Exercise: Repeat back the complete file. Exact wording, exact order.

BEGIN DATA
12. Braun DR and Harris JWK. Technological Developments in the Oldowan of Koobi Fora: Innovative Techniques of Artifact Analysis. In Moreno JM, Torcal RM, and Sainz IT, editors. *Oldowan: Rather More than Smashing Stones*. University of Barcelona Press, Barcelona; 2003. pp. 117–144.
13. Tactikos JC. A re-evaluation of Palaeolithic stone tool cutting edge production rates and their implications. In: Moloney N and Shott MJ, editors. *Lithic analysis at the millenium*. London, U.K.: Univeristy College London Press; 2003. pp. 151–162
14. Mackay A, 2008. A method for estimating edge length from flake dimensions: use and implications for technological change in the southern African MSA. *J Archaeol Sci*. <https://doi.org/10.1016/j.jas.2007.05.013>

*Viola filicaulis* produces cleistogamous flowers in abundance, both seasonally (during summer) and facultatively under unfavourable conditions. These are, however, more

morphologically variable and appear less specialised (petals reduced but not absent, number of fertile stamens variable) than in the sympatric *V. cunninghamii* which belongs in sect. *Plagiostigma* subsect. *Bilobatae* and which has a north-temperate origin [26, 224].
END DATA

12. Braun DR and Harris JWK. Technological Developments in the Oldowan of Koobi Fora: Innovative Techniques of Artifact Analysis. In Moreno JM, Torcal RM, and Sainz IT, editors. *Oldowan: Rather More than Smashing Stones*. University of Barcelona Press, Barcelona; 2003. pp. 117–144.
13. Tactikos JC. A re-evaluation of Palaeolithic stone tool cutting edge production rates and their implications. In: Moloney N and Shott MJ, editors. *Lithic analysis at the millenium*. London, U.K.: Univeristy College London Press; 2003. pp. 151–162
14. Mackay A, 2008. A method for estimating edge length from flake dimensions: use and implications for technological change in the southern African MSA. *J Archaeol Sci*. <https://doi.org/10.1016/j.jas.2007.05.013>

*Viola filicaulis* produces cleistogamous flowers in abundance, both seasonally (during summer) and facultatively under unfavourable conditions. These are, however, more

morphologically variable and appear less specialised (petals reduced but not absent, number of fertile stamens variable) than in the sympatric *V. cunninghamii* which belongs in sect. *Plagiostigma* subsect. *Bilobatae* and which has a north-temperate origin [26, 224].